Negative Interest Rate: Explained in Easy Language

Introduction

It is an unconventional monetary tool which will set the interest rate beyond the so-called theoretical limit of zero percent. In this method, depositors will have to pay money to park their funds with banks. Generally, it is used in extreme deflationary situations where boosting the aggregate demand becomes tough by fiscal policy and conventional monetary policy tools.

Meaning decoded

The banking sector functions in a way that when people have surplus money with them they deposit it in their bank accounts. They do this for reasons like it provides security to them against anti-social practice like theft and also monetary benefits in the form of interest that banks provide them. The banks, in turn, use this money to lend to borrowers for their needs and charge a higher interest rate than what they give depositors. This spread is called net interest margin (NIM). The higher the NIM, higher the bank’s profitability. Similarly, where there is less demand for loans the banks park their excess fund with the central bank by which they get an interest. Negative interest rate policy (NIRP) means that central banks will deduct money from commercial banks for depositing their money with the central bank. Commercial banks in turn will do the same to common people. So the end effect is that people will have to pay money to banks to hold their cash.

When it is used?

When the economy is in deflation, fiscal and monetary policy will be designed to improve the aggregate demand but sometimes unconventional tools like NIRP also should be used to boost demand. During NIRP people will not hold cash with banks as it will erode the purchasing power of their money so they will have to spend or invest both of which will increase demand and capital formation. Banks also lend at a much lower rate so as to increase the demand for business capital needs. This way there will be more money in circulation which is considered positive for economy.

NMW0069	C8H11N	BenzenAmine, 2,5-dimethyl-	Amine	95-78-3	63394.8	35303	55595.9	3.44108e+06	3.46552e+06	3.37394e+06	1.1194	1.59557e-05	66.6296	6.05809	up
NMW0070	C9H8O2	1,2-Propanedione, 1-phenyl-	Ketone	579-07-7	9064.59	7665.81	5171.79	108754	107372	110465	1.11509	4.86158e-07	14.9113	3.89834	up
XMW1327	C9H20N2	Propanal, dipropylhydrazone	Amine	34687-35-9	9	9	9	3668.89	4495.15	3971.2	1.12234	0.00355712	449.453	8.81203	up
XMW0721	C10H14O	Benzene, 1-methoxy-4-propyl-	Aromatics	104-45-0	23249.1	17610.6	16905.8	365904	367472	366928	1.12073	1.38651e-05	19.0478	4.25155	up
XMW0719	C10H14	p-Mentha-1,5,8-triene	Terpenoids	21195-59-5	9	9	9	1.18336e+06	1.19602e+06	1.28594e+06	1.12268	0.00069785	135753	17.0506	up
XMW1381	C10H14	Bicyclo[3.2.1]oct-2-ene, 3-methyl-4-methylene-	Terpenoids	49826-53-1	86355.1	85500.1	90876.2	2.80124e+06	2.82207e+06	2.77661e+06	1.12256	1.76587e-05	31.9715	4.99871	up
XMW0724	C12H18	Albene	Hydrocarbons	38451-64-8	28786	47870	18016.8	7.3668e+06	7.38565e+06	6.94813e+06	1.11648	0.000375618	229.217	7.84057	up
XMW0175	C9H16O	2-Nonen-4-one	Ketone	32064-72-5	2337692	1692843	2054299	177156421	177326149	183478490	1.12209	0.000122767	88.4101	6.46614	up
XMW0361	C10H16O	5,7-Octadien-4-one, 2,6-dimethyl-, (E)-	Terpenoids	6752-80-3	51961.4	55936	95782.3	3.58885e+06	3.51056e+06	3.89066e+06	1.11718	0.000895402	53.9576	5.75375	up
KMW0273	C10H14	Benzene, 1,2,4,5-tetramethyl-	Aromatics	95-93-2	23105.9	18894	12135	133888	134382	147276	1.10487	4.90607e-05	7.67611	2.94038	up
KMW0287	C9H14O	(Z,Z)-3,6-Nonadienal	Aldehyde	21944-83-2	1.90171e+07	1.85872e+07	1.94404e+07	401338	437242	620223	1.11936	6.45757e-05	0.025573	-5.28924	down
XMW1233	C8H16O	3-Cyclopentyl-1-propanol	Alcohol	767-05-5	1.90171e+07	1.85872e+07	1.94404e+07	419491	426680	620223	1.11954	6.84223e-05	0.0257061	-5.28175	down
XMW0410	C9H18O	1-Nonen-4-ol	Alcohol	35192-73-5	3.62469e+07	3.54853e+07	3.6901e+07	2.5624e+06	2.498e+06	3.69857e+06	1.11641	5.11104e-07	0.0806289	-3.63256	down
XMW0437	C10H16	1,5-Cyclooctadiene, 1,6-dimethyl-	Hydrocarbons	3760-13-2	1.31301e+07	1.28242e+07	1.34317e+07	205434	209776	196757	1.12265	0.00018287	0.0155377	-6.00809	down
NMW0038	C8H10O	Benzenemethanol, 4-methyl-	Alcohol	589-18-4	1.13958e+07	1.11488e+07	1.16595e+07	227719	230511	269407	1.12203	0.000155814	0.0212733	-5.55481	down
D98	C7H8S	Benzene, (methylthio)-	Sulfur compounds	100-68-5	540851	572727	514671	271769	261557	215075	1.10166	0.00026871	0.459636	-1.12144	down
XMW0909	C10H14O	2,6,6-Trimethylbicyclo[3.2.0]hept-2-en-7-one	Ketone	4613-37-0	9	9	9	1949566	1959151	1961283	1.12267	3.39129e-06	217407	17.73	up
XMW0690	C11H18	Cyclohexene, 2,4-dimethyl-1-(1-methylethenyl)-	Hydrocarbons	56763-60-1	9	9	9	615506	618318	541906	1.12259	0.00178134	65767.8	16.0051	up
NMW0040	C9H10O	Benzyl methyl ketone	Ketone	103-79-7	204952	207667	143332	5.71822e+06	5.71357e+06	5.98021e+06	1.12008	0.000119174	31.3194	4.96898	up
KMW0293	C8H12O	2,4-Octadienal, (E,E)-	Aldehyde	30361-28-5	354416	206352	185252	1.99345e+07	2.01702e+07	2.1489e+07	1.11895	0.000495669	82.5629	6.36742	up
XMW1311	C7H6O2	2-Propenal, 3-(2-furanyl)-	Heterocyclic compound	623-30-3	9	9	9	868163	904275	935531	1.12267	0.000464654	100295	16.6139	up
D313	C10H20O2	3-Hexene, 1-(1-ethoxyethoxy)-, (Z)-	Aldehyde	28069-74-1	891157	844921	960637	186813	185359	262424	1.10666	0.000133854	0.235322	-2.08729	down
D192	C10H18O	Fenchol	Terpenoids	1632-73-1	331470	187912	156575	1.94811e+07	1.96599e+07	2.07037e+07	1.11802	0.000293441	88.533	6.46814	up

Negatives of using it

  • The global money market raises few concerns over this method 
  • Negative interest rate may affect the banking sector as it will make people withdraw money from banks, so the banks will be left with less funds which they can lend, thus affecting the overall NIM. 
  • It may lead to currency war as the demand for that particular currency will reduce as there will be surplus money in circulation. 
  • The weak currency will make imports costlier and make exports favourable which is good for them in short term. 
  • But in long run it will lead to currency war as other countries also will try to devalue its currency to help its own exports. 

Positives

  • Countries like Japan are charging the negative interest rate on only 10% of excess reserves and the rest of money has zero or marginally positive interest rate so as to help NIM of commercial banks. 
  • NIRP stimulates economic growth at a much faster rate than the conventional method. 
  • Role of private sector increases as the capital will be readily available so that private investments will increase which will have multiplier effect from employment increase to increase in total production. 
  • Savings will be discouraged and investment will be given top priority by everyone. 
  • Spending will increase, thus increasing demand. 

Recent examples

Central bank of countries like Sweden, Japan, England and few others have kept interest rates below to revive the economy from deflation.

Conclusion

NIRP, though a powerful monetary tool to revive the economy from extreme conditions, still it is troubling economist in understanding the real effects of it. It should be designed to overcome all the negatives associated with it. Extreme caution should be applied by central banks to properly evaluate it and implement to achieve the desired results.
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